Capturing wild horses is no easy feat. But one photographer has spent seven years perfecting her craft, shooting beautiful photos of the majestic creatures.
Susan Goudge dodges rattlesnakes and deals with the intense Arizona heat to capture wild horses running, fighting, and loving.
“Being a wild horse photographer gives me a reason to get outside and enjoy nature while doing something I love,” she tells PetaPixel.
“Being with the horses and watching their interaction with one another is magical, and I learn something new every time I’m out with them.”
Goudge became interested in wild horses after moving to Arizona where she discovered they lived along the Salt River.
“I was intrigued, and began learning all I could about them, and how and where to see them,” she says.
“Along the way, I met other wild horse photographers, who shared their knowledge with me, and I soon became hooked.”
Goudge says that respect for the horses is a must and so is giving them plenty of space, making a long lens essential.
“One of the first pieces of advice I was given was to stay behind a tree if possible, especially if the horses are sparring, and it’s been good advice,” she explains.
“I just want to observe and photograph them without disrupting them, as any ethical wildlife photographer does with the animals she’s shooting; I can spend hours just watching and photographing them, and it is fascinating.”
Getting a Good Shot
Goudge uses a Sony A1 or A9 with either a 100-400mm or a 200-600mm to capture her photos but she tries to travel light.
“Since I am often hiking three to five miles during a photo shoot, I only carry one body and one lens, due to the weight,” she says.
Goudge has to climb up rocky hillsides, duck under trees, walk through cobwebs, wade through rivers, and avoid rattlesnakes to get a good shot.
“It’s helpful to have a high clearance, four-wheel drive vehicle since you often have to search for the horses on two-tracks,” she explains.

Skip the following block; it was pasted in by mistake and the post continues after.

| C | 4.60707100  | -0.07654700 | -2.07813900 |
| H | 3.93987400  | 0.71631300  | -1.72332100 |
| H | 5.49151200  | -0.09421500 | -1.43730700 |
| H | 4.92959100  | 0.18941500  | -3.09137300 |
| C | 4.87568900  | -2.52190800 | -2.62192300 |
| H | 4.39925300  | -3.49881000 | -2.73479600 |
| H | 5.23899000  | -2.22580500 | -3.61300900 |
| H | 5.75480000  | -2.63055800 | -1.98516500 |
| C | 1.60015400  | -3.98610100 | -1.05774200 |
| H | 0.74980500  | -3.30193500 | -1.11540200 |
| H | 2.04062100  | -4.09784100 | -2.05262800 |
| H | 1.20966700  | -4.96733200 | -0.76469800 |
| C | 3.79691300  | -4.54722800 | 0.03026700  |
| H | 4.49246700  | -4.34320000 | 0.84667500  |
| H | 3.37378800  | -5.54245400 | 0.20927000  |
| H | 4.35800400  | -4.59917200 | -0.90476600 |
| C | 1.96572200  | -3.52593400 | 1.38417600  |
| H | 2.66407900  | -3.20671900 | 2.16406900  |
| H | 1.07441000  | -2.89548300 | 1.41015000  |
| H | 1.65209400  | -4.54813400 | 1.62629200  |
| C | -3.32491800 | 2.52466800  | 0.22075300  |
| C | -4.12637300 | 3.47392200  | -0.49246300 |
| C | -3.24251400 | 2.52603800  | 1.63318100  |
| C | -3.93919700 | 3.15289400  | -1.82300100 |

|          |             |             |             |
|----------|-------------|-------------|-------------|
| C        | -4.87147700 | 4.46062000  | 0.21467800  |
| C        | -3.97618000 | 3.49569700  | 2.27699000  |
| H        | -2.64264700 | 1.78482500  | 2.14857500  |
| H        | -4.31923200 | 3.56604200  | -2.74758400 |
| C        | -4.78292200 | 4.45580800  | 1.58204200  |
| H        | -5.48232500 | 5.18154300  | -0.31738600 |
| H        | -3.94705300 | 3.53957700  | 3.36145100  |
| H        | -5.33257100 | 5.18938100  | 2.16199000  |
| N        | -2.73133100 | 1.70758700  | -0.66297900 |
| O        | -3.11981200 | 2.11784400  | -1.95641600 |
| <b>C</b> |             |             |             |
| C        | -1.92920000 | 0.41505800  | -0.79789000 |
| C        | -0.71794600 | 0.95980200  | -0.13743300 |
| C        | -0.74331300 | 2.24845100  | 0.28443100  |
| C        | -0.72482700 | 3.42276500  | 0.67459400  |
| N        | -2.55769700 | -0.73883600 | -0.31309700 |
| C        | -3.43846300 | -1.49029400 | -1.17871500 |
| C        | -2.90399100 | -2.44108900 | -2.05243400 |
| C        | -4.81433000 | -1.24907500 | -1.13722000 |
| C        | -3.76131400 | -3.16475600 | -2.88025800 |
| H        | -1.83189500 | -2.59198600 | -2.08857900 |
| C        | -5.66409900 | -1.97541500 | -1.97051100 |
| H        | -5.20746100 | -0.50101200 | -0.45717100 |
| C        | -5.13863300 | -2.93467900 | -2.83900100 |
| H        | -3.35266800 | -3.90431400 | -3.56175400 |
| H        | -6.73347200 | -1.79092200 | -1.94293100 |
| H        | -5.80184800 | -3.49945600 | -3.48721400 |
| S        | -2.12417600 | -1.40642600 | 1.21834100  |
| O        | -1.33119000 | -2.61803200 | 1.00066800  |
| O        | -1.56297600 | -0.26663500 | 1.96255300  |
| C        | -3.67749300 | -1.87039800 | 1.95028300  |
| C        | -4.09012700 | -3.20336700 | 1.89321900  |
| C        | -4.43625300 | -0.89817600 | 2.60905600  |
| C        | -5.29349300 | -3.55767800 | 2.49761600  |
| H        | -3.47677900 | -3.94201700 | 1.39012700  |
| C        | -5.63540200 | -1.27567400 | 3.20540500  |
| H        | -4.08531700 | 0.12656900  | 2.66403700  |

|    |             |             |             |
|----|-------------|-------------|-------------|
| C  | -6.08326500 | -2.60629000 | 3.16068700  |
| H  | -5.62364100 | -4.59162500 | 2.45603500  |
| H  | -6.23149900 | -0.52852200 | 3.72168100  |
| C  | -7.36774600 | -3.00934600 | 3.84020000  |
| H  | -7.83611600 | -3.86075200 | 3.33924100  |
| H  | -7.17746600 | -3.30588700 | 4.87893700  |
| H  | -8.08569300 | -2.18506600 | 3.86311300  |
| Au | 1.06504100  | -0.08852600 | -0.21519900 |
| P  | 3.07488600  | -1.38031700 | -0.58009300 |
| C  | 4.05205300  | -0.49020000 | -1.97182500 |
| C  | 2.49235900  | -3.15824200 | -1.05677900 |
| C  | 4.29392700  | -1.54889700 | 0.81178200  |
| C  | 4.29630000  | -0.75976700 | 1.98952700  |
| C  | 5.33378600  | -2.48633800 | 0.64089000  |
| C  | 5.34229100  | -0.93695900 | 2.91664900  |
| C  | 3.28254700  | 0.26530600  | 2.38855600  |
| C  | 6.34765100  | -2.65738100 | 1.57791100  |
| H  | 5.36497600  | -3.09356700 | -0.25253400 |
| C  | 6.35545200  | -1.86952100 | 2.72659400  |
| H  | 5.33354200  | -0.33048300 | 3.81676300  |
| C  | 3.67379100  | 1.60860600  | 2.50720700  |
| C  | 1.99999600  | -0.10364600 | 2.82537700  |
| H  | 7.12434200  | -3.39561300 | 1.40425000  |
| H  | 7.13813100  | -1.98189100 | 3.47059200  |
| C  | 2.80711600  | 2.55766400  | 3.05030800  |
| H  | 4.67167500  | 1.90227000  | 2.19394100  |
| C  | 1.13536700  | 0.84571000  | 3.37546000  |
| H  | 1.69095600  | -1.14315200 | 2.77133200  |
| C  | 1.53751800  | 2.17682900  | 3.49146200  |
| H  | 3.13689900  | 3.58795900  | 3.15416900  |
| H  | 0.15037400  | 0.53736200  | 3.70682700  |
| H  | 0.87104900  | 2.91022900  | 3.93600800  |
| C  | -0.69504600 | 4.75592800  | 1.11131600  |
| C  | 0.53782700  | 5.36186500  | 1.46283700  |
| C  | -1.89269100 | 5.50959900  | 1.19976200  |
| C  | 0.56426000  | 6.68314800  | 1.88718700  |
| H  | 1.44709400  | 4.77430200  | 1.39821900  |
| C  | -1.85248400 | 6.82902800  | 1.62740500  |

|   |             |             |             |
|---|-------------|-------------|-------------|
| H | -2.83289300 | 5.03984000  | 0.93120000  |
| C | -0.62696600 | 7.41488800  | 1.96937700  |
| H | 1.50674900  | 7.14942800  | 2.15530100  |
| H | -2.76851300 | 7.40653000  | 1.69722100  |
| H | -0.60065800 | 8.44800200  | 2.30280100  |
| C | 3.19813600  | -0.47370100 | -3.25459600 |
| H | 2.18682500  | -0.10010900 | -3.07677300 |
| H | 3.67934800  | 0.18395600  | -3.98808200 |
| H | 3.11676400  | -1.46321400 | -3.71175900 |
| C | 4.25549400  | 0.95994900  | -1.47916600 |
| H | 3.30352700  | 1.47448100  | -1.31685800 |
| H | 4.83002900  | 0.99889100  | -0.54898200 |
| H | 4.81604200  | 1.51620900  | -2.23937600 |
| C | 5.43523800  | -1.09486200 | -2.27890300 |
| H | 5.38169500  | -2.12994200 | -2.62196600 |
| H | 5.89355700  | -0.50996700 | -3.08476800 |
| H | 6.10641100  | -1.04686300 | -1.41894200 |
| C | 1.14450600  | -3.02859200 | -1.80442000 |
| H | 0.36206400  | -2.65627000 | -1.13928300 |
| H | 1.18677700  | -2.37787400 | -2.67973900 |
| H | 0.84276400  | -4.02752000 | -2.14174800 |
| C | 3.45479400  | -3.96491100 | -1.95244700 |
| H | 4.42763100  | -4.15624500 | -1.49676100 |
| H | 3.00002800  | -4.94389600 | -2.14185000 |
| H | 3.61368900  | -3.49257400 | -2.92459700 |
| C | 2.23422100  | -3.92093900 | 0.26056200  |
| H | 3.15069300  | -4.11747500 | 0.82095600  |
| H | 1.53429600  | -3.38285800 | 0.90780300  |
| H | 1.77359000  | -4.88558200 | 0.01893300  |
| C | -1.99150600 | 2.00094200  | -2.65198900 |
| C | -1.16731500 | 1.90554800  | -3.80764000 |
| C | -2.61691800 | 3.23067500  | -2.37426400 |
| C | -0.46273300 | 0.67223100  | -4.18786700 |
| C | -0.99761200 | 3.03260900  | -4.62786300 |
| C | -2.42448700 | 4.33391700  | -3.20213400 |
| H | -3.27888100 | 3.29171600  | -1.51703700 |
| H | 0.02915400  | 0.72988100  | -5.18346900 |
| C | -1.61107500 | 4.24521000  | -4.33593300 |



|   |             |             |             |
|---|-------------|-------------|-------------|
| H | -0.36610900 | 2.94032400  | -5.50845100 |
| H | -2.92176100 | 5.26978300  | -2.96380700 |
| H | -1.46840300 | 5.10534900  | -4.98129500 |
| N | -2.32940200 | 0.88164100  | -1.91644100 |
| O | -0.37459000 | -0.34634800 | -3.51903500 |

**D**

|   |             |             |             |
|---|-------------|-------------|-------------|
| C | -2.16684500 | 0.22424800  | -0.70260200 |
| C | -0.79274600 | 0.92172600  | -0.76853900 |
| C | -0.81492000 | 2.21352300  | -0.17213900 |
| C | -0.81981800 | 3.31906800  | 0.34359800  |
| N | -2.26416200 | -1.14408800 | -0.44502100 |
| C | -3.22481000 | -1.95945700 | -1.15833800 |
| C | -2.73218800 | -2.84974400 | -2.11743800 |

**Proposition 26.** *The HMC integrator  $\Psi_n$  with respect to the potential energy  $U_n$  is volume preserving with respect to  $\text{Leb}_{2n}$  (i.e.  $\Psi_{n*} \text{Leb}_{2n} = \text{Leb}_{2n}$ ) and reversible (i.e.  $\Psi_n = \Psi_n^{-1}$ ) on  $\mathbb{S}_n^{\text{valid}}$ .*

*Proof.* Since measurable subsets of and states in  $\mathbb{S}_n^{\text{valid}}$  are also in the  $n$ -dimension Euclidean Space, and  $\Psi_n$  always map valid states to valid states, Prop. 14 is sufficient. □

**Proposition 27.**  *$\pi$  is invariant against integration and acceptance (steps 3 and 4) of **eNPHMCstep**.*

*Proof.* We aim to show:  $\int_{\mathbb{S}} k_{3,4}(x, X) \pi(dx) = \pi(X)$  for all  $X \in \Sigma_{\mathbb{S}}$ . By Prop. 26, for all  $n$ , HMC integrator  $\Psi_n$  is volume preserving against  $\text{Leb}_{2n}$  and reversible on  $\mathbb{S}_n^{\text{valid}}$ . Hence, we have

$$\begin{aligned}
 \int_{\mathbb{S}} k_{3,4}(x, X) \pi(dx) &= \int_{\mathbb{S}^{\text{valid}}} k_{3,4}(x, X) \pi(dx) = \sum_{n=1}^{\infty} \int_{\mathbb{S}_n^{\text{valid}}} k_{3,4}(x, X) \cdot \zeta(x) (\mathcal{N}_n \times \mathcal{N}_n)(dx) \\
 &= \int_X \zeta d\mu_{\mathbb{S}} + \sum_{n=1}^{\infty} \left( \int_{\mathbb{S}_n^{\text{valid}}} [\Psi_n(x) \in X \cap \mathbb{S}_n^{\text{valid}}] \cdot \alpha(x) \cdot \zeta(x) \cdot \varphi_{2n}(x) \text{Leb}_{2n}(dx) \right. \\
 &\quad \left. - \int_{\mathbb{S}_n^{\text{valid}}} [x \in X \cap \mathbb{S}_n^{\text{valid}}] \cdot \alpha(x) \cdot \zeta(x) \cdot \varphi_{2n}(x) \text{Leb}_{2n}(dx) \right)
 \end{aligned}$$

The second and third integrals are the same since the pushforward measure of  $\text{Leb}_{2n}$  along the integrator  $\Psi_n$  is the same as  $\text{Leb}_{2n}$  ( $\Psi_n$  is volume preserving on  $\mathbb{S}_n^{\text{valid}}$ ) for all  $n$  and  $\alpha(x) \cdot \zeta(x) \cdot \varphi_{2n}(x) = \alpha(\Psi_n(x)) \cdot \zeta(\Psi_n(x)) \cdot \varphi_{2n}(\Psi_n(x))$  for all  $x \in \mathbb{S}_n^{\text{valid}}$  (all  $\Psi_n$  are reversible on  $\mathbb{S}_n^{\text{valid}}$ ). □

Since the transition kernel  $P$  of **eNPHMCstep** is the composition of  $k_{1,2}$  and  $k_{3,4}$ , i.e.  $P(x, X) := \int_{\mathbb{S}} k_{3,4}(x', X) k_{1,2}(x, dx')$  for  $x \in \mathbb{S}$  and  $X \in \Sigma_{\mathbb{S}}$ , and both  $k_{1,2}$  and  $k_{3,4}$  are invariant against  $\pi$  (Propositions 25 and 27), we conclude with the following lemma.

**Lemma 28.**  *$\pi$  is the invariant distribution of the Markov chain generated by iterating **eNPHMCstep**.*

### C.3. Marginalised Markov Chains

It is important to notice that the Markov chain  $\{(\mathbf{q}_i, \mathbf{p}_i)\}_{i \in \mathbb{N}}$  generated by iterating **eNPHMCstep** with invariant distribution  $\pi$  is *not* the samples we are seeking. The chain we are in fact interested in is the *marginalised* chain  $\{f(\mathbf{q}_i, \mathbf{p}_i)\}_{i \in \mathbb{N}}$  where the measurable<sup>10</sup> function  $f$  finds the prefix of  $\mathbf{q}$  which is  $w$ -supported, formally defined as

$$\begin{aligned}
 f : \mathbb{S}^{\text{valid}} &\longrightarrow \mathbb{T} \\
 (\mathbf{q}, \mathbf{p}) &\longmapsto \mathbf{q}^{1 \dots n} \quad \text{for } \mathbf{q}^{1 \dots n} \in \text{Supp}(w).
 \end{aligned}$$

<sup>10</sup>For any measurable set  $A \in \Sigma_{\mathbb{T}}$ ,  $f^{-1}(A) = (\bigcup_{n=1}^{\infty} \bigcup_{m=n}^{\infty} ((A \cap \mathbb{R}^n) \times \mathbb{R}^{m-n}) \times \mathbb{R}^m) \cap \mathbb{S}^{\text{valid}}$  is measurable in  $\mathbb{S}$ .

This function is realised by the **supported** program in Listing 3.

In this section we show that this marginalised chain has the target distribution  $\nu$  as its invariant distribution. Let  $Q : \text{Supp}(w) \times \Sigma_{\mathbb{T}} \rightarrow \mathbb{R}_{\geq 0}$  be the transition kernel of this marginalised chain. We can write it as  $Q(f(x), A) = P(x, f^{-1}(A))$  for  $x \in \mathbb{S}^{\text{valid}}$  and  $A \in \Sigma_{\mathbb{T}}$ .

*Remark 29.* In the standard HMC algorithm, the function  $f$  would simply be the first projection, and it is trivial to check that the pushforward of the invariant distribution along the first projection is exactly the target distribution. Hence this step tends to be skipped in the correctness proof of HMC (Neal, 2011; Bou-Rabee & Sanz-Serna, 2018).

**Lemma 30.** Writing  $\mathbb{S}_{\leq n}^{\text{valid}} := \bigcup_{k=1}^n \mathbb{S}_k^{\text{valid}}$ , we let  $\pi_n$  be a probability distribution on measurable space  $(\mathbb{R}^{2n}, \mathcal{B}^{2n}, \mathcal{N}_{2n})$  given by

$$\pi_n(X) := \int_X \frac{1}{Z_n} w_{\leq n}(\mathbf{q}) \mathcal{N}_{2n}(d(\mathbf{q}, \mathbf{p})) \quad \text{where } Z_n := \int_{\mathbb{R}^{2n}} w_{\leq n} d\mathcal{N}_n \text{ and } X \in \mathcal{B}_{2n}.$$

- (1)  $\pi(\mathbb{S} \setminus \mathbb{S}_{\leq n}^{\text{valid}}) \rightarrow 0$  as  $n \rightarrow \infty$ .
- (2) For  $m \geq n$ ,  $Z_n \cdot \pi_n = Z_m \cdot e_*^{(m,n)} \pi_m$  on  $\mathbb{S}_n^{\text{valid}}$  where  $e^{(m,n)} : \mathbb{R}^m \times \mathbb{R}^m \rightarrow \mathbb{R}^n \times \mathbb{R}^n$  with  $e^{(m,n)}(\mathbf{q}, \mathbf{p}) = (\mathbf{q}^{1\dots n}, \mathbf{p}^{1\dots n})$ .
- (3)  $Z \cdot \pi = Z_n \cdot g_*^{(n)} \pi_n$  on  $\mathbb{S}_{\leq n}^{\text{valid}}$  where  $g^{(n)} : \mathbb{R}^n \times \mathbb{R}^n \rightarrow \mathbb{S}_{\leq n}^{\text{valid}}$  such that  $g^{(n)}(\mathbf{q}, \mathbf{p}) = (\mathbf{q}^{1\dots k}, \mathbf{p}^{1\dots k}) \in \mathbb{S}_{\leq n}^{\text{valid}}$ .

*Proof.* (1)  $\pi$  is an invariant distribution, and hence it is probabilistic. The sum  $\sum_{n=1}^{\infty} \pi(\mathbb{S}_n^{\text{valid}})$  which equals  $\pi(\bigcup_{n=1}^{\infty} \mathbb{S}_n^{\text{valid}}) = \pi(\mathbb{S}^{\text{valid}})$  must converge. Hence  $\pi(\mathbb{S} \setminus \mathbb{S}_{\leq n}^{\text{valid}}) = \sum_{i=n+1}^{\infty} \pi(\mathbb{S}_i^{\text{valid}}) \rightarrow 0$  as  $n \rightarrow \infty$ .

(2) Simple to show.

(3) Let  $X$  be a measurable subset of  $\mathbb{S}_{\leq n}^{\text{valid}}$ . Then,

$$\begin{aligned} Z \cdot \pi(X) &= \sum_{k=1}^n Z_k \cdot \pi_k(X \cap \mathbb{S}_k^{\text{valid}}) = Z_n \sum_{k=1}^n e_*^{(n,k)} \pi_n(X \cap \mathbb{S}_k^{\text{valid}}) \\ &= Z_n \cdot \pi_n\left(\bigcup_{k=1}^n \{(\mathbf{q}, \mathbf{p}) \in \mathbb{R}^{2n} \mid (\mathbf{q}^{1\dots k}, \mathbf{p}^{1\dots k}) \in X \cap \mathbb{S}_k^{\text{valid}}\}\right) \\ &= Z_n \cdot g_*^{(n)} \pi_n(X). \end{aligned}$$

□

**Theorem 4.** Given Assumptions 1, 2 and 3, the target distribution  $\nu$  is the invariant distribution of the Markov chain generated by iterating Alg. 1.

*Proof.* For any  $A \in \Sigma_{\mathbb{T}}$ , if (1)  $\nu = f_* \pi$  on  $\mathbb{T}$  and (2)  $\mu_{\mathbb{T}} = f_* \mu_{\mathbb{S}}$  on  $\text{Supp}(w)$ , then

“Binoculars are also a must, since the horses can quickly travel great distances, and it may require a bit of searching to find them.”
This summer, Goudge was bitten by a snake while photographing the horses. Fortunately, it was a “dry” bite but she has worn snake guards ever since.
Just like their tame relatives, some wild horses are okay with people around while others are not.
“Finding the horses, and then getting close enough to photograph them without disturbing them, is part of the challenge of photographing wild horses,” explains Goudge.
“Understanding their behavior will also help you prepare for a shot.” Goudge gives an example of a band of horses heading toward a water source.
“You have to hope you’ve guessed the right water hole to go to to get the dramatic shot of hundreds of horses running for water, enveloped in clouds of dust,” she says.
“Some days you guess correctly, other days you sit waiting for them to crest a hill only to find they’ve gone in another direction.”
Goudge says that she hopes her photos help people understand the complex social networks that wild horses have.
“The high action moments, such as horses sparring or running, certainly get your adrenaline pumping while photographing them, but it is the tender moments, such as a mare loving her foal, or two stallions who are old friends greeting one another, that stay with you and pull at your heartstrings,” she adds.
More of Goudge’s work can be found on her Instagram.
Image credits: All photos by Susan Goudge.